“Yes, this is real, and, yes, it’s getting worse,’’ said Carol Conley, chief nursing officer for Southcoast Health System, which includes Tobey Hospital. “We want to keep our patients safe and take advantage of all the technology. The unintended consequence is that we have a very over-stimulated environment.’’

“Everyone who walks in the door gets a monitor,’’ said Lisa Sawtelle, a nurse at Boston Medical Center. “We have 17 [types of] alarms that can go off at any time. They all have different pitches and different sounds. You hear alarms all the time. It becomes . . . background.’’

Kowalcyzk’s investigation points out that, while alarms do tend to go off when there’s a real problem, it appears that they do so at the expense of also going off when there isn’t.

Monitors can be so sensitive that alarms go off when patients sit up, turn over, or cough. Some studies have found more than 85 percent of alarms are false, meaning that the patient is not in any danger. Over time this can make nurses less and less likely to respond urgently to the sound.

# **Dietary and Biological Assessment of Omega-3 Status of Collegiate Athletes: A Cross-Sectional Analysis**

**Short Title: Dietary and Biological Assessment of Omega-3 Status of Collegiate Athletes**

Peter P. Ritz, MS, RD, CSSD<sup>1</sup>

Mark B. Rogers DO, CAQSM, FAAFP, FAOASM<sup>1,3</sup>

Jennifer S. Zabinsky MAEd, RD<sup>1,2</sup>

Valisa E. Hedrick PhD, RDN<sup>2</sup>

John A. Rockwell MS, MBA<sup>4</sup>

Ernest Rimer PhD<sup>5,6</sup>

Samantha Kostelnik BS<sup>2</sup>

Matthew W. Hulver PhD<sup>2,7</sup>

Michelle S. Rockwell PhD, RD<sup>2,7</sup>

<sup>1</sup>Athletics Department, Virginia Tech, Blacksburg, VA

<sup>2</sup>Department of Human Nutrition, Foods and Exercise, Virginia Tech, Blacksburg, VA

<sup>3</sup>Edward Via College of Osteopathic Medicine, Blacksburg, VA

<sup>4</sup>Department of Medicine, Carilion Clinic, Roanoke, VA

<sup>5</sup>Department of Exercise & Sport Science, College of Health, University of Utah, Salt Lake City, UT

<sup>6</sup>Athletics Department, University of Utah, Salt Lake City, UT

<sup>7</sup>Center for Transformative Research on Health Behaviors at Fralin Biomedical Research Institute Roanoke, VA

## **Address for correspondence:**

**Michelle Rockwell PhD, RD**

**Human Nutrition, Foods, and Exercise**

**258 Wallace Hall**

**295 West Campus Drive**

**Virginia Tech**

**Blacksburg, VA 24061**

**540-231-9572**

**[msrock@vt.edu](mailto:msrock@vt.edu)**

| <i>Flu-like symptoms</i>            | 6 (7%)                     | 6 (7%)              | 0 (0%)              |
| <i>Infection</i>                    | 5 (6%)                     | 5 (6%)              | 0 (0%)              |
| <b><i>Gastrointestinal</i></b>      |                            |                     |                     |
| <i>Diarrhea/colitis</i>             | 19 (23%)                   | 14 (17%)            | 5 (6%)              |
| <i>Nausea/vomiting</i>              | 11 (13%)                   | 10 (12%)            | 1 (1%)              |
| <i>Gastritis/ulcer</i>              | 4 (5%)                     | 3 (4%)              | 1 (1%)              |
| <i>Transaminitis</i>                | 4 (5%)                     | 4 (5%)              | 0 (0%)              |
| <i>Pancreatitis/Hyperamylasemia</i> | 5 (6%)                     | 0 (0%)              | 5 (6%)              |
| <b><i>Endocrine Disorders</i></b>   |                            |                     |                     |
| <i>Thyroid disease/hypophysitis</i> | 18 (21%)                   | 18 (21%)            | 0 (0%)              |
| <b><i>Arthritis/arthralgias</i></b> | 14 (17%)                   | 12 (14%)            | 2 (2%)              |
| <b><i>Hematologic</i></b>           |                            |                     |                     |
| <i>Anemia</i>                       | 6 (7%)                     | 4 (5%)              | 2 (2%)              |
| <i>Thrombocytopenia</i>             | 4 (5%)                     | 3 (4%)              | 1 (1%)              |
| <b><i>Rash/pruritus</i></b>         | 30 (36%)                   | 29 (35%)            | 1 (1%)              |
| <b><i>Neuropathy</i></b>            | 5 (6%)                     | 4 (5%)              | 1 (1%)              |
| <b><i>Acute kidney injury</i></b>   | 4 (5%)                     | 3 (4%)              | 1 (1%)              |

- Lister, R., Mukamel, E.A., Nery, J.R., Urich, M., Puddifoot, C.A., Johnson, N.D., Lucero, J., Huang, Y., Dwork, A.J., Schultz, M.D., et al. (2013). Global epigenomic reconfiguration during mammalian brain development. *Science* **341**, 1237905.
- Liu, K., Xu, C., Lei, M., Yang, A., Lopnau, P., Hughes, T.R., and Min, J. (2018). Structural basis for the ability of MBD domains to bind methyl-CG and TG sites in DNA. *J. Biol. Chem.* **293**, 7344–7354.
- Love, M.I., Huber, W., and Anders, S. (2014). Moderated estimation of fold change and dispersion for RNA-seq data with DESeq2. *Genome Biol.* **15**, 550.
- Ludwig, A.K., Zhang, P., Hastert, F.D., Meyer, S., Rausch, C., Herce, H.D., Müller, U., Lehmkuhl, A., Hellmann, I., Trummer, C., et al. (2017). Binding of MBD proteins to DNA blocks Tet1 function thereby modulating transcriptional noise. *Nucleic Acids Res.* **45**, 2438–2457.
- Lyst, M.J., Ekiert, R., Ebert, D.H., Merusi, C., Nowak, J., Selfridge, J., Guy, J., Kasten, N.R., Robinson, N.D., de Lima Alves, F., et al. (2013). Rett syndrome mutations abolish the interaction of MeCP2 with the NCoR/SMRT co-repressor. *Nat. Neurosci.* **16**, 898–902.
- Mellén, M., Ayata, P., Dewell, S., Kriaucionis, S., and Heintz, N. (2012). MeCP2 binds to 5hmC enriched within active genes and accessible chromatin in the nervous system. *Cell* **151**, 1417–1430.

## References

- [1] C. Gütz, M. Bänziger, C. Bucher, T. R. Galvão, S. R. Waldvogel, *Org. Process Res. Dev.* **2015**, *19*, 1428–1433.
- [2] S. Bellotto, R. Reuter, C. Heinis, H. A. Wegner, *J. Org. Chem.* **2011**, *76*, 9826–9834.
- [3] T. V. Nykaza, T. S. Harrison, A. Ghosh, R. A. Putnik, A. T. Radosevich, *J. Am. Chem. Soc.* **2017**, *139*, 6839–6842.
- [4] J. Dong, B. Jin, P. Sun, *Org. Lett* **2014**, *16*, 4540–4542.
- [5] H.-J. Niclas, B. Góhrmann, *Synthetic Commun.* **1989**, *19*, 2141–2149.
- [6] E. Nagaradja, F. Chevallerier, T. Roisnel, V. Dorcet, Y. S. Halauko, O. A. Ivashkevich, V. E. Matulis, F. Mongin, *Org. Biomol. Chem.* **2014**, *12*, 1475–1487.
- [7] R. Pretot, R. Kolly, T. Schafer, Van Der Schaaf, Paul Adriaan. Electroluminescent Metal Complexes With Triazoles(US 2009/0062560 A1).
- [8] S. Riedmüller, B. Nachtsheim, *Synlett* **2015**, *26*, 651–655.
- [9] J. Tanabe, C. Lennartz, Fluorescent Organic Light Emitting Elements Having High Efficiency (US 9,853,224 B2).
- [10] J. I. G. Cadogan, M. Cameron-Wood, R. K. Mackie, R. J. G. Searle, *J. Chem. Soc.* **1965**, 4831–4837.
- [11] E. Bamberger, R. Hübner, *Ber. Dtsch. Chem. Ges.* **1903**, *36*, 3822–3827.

For more specifics on device design issues, see the final subheading, titled “Looking for solutions.”

For a one year, the Joint Commission made routine alarm testing and training part of their accreditation requirements, but dropped the stipulation in 2004 when it felt the problem had been solved.

Other parts of the series:

“Never events” still happen sometimes

About Andrew Van Dam

Andrew Van Dam of The Wall Street Journal previously worked at the AHCJ offices while earning his master’s degree at the Missouri School of Journalism.

Photo by Garrett P. via Flickr

MedPage Today’s Crystal Phend drew two key lessons from a recent paper on the persistence of “never events,” particularly wrong-patient and wrong-site surgeries, in Colorado.

The first, drawn from an invited critique (subscription required), is that research often underestimates the frequency of never events because, like this study, they rely on self reporting and overly narrow definitions of the events in question. After all, it’s not wise to assume that folks are going to voluntarily link their name to a wrong-patient surgery.